These vegetables are used to make our delicious "Pasteles" in Christmas.
Puerto Rican savory cakes (in banana leaves)
Rice with green pegeons peas
(Arroz con Gandúles)
On Christmas time we eat rice with green pigeons peas (arroz con gandúles), blood sausages (morcillas), rotisserie pork (lechón o pernil asado), dumpling (pasteles) made with ground green bananas, yautías, yuca, calabaza and green plantain stuffed with pork meat, and other seasonings then wrapped with a special paper or green banana leaves. Some people use chicken meat instead of pork. The rice with green pigeon peas is one of our favorite christmas typical food .
Rice with green pigeons peas (Arroz con Gandúles), Puerto Rican savory cakes (Pasteles) and salad.
(Arroz con Dulce)
Puertorican "arroz con dulce" (a firm and sweet rice pudding dessert),
traditionaly served at the Christmas dinner, (Arroz con dulce puertorriqueño,
típico postre de las fiestas navideñas).
The Sirajo Goby
(Cetí of Puerto Rico)
(Cetí of Puerto Rico)
You could make a turnover with this kind of fish, it is a very delicious plate in the City of Arecibo, Puerto Rico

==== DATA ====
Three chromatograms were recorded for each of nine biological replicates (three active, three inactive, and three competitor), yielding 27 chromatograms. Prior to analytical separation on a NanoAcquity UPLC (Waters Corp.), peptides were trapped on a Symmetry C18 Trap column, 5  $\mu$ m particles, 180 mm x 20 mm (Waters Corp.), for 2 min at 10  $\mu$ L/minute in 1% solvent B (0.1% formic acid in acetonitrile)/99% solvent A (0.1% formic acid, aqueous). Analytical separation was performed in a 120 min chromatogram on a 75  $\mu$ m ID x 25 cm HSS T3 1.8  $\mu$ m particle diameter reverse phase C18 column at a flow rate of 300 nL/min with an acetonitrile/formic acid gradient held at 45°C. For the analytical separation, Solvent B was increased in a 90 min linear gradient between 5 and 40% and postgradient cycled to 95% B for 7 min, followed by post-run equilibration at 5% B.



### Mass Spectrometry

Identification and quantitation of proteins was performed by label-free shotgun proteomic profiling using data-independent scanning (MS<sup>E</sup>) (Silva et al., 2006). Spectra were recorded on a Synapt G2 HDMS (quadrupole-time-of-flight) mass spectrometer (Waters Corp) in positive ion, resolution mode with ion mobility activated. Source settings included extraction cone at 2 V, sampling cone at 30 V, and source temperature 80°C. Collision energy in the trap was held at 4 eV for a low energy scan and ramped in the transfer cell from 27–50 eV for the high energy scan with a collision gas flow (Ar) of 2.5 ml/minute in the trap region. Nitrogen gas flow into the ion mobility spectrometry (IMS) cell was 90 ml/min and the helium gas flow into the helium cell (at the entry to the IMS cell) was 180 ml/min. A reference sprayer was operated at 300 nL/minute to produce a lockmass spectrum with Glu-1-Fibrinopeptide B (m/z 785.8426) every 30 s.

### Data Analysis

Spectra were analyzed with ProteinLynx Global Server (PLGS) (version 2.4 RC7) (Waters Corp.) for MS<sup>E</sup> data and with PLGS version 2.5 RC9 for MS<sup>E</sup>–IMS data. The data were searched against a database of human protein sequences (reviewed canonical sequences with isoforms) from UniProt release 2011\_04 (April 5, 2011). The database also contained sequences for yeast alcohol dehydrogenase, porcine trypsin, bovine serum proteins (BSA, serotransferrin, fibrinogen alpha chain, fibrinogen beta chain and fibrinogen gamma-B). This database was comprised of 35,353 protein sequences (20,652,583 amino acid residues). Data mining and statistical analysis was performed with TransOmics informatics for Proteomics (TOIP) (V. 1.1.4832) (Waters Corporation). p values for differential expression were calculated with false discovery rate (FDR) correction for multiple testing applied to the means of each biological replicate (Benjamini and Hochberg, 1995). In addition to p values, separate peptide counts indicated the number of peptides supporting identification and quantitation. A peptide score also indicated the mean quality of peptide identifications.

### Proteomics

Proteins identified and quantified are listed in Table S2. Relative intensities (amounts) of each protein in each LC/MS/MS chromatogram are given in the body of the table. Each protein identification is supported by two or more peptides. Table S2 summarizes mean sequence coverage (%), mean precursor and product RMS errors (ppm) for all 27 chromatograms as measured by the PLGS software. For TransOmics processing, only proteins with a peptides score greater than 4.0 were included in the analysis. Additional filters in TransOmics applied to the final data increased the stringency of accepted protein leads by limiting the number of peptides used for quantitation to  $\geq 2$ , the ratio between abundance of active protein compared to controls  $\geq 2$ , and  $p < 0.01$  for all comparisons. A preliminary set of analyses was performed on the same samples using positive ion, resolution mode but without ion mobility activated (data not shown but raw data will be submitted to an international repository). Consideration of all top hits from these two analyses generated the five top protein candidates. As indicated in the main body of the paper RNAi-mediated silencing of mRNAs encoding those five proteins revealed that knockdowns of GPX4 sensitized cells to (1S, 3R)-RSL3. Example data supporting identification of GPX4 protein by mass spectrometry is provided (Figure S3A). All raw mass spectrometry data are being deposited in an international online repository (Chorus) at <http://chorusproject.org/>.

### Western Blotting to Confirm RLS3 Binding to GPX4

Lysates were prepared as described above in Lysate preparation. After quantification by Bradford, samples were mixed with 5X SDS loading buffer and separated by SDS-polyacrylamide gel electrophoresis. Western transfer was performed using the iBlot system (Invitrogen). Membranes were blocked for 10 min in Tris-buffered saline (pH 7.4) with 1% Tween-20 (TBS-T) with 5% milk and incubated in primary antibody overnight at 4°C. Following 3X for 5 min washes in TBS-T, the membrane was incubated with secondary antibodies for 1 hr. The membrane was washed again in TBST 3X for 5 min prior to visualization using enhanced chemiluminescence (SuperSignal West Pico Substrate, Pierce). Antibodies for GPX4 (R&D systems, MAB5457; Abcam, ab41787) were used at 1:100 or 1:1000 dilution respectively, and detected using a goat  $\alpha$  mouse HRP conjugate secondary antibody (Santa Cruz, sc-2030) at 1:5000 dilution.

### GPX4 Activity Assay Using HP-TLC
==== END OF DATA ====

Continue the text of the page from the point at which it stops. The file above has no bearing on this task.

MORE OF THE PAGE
The Sirajo Goby is a small (3 to 4 inches/7.6 to 10 centimeters), silvery colored with horizontal stripes circling its body from gill to tail. The mail Sirajo becomes a beautiful, iridescent blue color at mating. It has a modified ventral fin which is used for moving up and down wetted surfaces.
The Sirajo Goby feeds by scraping algae off rocks in forest streams. It is capable of moving up vertical surfaces with the sucker formed by its modified ventral fins. Using this "sucker" it can move easily up vertical wetted surfaces. The larvae of this goby are fished by the thousands as they migrate back into the rivers. They are considered a delicacy by locals.
Forest rivers and streams.
FRIED FAST FOOD
Fried Fast Food
(Alcapurrias y Bacalaítos Fritos)
A man frying Bacalaítos and Alcapurrias at Piñones, Isla Verde
Reference: Photo provided by Aurye
Fried Green Plantains
Carne Al Picnho (Shishkabob Puertorican style)
Bolas de Mofongo
balls - mashed fried green plantains - with bacon and garlic over
seasoned chicken broth. (Mofongo puertorriqueño - plátanos verdes
fritos y majados - con tocino sobre caldo de pollo sazonado).
3 green plantains
2 teaspoons crushed garlic or powder
salt and pepper to taste
oil for frying
Shred the peeled
plantains. Combine the shredded plantain, garlic, salt and pepper.